Simply summarized “The Wrong Box” is a rather ridiculous book full of slapstick humor and foolish turns. The plot begins with a Tontine, a scheme in which subscribers invest their funds in a common pool that is then paid to the last person in the group who is still alive. As Stevenson puts it:
“The proceeds are fluttered for a moment in the face of the last survivor, who is probably deaf, so that he can not even hear of his success-and who is certainly dying, so that he might just as well have lost.”
In “The Wrong Box” the plot revolves around a Tontine in which many youths, including two brothers, were all subscribed. By some freak of chance the last two surviving members of the Tontine are the two brothers, Joseph Finsbury and Masterman. Now they are both very old men with sons of their own.
Old Joseph Finsbury is kept under lock and key by his two sons Morris and John, who view their father as a sort of investment. They are determined that he will outlive his brother, their uncle, and that they, the two sons will get the whole Tontine as an inheritance. Therefore Morris keeps a strict watch on his father, making sure that he always dresses for the weather, and ordering routine doctor’s visits to make sure his health is in good condition. Joseph Finsbury resents the intrusions on his life, though.
Everything changes, though, when Joseph and his two sons Morris and John are traveling and are involved in a deadly train wreck. When Morris and John awake they find themselves in the midst of a scene of scattered destruction, but their father is nowhere to be found. After a brief search they find a body that they are convinced must be that of their father, Joseph.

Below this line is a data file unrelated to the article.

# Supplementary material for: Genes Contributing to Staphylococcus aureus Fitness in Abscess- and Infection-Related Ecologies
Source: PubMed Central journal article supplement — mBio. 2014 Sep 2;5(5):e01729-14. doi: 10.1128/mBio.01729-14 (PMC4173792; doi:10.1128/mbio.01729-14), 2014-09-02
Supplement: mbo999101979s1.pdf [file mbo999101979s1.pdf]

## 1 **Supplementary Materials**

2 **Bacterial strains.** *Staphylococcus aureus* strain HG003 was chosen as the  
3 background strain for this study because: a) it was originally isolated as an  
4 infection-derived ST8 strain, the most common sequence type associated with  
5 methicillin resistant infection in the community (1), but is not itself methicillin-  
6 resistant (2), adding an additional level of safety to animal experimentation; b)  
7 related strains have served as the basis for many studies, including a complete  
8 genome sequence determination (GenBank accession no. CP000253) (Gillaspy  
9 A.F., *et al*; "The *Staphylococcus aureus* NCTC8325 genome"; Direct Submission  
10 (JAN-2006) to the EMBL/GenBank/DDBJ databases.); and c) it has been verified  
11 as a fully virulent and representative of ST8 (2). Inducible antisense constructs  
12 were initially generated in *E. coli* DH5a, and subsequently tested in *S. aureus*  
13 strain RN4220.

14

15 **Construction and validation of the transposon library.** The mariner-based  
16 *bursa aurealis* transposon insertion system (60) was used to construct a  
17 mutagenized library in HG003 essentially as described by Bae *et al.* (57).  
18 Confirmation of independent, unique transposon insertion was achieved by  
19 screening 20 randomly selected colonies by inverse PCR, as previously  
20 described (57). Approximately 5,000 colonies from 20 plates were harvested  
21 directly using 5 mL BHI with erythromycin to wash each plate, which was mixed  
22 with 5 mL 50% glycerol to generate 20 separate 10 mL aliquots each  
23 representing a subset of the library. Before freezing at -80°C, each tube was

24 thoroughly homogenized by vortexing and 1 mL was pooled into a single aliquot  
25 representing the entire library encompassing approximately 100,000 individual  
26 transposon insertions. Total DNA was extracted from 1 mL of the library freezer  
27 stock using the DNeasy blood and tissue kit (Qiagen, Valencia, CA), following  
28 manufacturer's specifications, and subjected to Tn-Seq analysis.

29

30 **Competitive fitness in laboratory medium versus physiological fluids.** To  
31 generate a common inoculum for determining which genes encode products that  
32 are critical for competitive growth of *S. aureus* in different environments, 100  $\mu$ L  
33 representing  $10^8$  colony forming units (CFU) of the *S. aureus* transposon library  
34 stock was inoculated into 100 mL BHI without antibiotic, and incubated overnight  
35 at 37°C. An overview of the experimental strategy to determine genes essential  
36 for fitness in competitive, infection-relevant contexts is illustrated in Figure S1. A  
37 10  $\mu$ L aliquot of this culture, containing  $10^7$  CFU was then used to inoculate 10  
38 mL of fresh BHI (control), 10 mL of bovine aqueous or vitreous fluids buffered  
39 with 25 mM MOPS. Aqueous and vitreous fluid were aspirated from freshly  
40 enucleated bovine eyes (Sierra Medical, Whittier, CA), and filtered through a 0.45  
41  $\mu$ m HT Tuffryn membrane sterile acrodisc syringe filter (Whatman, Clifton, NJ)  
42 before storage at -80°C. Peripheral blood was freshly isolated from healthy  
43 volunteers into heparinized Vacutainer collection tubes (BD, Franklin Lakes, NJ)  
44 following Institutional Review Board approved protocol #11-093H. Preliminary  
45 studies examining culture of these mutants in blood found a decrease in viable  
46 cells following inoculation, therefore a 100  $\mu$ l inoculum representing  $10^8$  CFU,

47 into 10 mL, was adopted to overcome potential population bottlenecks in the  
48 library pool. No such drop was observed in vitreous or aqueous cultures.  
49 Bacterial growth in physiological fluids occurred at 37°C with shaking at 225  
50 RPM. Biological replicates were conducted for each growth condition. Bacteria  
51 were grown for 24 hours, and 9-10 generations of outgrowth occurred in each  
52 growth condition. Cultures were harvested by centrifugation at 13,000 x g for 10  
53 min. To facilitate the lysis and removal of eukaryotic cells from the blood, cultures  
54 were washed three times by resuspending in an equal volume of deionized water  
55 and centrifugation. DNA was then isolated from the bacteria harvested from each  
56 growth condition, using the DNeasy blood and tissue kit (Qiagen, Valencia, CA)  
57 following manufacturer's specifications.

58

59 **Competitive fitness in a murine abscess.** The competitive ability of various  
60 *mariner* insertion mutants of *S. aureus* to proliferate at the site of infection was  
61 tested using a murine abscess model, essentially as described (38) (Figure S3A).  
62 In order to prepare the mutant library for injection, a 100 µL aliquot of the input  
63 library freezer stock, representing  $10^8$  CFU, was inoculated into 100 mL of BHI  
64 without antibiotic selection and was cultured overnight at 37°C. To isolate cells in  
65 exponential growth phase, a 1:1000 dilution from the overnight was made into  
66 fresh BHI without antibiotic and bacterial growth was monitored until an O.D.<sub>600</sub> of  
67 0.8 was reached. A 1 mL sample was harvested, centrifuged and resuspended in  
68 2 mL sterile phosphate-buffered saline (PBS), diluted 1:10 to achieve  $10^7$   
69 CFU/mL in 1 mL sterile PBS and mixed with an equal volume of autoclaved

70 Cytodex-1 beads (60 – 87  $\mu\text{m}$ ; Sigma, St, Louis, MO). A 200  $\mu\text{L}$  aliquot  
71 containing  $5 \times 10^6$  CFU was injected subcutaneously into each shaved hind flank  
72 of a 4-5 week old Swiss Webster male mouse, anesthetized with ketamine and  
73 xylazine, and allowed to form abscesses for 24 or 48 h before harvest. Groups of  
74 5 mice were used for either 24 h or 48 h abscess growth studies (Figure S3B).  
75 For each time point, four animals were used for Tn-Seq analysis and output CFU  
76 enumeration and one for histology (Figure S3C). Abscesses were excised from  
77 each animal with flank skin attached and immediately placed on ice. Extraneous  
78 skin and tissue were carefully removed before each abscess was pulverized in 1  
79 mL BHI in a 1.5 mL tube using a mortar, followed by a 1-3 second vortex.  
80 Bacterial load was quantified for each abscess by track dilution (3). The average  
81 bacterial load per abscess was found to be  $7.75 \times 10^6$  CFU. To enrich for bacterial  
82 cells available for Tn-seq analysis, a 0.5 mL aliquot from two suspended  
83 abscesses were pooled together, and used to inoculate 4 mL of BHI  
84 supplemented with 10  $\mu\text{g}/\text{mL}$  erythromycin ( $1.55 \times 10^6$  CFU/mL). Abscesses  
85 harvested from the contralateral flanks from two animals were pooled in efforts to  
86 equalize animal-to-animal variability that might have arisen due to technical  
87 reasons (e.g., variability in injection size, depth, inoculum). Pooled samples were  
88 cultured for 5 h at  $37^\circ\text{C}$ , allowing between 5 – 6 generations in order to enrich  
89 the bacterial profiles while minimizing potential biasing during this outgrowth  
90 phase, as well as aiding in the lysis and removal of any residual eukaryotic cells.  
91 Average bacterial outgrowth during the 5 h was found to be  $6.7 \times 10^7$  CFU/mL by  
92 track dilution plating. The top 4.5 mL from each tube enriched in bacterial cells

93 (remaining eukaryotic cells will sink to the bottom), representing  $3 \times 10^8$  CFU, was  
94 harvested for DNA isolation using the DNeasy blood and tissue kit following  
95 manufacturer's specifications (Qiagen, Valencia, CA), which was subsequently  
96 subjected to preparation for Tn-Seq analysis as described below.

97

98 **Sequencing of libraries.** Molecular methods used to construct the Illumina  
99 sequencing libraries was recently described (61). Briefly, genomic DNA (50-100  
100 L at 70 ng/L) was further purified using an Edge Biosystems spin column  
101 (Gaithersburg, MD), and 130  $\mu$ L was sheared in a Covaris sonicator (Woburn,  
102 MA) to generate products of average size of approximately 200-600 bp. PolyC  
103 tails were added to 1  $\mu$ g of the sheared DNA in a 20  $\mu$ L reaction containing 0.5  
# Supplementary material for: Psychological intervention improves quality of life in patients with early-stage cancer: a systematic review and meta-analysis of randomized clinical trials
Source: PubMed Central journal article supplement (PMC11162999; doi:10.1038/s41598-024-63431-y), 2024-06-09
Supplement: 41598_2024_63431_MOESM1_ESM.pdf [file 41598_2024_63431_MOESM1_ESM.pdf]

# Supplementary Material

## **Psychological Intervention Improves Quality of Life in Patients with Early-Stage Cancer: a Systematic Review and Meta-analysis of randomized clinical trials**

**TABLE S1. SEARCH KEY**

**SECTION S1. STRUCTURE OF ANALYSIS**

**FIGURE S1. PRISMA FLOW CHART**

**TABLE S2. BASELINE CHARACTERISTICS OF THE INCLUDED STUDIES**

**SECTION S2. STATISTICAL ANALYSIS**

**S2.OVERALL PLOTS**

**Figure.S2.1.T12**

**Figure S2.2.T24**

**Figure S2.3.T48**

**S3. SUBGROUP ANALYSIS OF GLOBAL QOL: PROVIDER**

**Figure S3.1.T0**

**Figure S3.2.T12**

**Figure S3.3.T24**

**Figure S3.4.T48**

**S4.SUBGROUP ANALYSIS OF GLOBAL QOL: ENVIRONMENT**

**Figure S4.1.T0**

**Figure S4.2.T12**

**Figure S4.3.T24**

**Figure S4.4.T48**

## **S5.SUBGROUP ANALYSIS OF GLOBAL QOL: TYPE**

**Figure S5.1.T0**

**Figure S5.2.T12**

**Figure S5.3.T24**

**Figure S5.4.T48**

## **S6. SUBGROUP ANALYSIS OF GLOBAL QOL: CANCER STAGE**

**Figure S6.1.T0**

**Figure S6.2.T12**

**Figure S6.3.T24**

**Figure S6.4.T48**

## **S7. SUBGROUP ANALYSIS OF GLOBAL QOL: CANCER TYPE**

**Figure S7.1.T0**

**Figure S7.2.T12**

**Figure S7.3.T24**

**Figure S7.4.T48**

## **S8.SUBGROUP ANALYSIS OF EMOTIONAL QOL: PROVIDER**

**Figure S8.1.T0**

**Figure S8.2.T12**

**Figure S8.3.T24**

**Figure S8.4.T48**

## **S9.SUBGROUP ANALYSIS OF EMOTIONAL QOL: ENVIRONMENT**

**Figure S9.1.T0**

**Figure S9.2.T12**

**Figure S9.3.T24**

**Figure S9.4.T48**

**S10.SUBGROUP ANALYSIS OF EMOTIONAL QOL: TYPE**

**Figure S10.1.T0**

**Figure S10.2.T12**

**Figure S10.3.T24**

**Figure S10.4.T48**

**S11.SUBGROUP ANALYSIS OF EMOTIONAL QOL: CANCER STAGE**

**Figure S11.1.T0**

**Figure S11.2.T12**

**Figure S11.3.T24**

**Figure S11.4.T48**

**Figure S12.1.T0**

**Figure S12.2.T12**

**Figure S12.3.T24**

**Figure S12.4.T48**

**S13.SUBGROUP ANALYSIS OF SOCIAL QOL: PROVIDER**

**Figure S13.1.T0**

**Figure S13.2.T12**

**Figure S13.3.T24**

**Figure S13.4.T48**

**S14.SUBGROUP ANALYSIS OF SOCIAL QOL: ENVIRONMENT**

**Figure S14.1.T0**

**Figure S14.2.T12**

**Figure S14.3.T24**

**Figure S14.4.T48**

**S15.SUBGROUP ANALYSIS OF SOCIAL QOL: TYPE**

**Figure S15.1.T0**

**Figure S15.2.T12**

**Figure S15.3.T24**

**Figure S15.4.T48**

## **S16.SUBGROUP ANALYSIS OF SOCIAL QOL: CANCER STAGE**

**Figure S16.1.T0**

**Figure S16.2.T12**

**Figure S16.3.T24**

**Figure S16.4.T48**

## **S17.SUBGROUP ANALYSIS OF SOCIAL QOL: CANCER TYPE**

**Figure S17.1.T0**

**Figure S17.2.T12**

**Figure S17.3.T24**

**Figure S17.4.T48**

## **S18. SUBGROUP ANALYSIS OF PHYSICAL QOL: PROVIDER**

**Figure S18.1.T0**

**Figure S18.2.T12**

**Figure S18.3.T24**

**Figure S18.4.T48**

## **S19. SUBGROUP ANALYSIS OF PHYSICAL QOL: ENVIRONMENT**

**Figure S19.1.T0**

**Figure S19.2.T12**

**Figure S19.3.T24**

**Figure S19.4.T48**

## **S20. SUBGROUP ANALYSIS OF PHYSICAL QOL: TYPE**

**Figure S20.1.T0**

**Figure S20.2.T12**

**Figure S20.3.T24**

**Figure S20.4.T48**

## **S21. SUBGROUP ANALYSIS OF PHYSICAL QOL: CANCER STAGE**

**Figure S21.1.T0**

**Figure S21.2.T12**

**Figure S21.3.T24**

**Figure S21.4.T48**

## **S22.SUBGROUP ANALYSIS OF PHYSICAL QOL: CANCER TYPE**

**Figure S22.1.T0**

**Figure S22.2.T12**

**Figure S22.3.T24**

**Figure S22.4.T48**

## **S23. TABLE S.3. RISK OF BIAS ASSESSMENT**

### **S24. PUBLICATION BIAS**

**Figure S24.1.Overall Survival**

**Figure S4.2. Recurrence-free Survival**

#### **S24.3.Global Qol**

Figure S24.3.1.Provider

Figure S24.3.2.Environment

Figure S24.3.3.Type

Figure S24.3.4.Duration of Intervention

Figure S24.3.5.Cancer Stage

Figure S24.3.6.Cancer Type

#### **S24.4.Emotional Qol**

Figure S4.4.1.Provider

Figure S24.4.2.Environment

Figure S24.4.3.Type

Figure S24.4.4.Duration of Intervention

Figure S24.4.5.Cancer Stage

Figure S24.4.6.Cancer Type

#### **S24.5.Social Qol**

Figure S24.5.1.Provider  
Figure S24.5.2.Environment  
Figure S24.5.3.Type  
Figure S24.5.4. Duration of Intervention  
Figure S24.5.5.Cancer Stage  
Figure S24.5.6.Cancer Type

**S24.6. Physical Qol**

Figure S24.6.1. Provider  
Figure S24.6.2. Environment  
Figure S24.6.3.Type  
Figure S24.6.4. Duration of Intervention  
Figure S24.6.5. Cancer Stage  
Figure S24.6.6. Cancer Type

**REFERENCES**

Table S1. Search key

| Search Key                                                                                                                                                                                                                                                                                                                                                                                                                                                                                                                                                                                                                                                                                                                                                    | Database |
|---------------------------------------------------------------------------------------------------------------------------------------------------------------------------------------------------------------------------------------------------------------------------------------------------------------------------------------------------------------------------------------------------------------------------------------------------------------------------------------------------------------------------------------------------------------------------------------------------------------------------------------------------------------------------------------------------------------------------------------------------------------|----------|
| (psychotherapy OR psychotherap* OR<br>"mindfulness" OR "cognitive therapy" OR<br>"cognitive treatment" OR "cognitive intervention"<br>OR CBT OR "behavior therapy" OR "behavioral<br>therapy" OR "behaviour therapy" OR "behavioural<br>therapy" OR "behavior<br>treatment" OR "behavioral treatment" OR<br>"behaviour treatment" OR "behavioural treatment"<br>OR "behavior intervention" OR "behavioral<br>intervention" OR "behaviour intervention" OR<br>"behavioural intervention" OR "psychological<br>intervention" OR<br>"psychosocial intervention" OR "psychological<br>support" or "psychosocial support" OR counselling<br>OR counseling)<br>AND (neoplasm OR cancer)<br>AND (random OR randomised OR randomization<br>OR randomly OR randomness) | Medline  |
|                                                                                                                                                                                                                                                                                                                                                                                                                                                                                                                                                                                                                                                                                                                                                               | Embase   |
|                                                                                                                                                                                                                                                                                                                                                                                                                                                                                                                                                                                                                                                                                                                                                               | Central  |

At that moment there begins one of the most foolish and desperate blunderings ever portrayed in literature. Morris and John decide to hide the body so that they can still win the Tontine by concealing their father’s death and waiting for their uncle to die. But of course, somewhere along the way the body is mislaid. Morris and John are left afraid that the body will be found. On the other end the body ends up being transported by a variety of different means, in a variety of different conveyances, finally ending up in a grand piano.
Little do Morris and John realize, though, but the body that they took such great pains to conceal is not even that of their father. Joseph Finsbury survived the accident, yet saw it as a chance to escape the oppressive life that his sons imposed upon him.
“The Wrong Box” is simply silly. Unlike some of Robert Louis Stevenson’s much better writings “The Wrong Box” seems very rough, lacking grace. The passages are loquacious to the extreme, yet the plot still seems ill thought and clumsy.
Overall, “The Wrong Box” is definitely an eccentric book, and for that fact it is mildly interesting, but I definitely could not consider it to be a classic masterpiece.
Inkweaver Book Rating: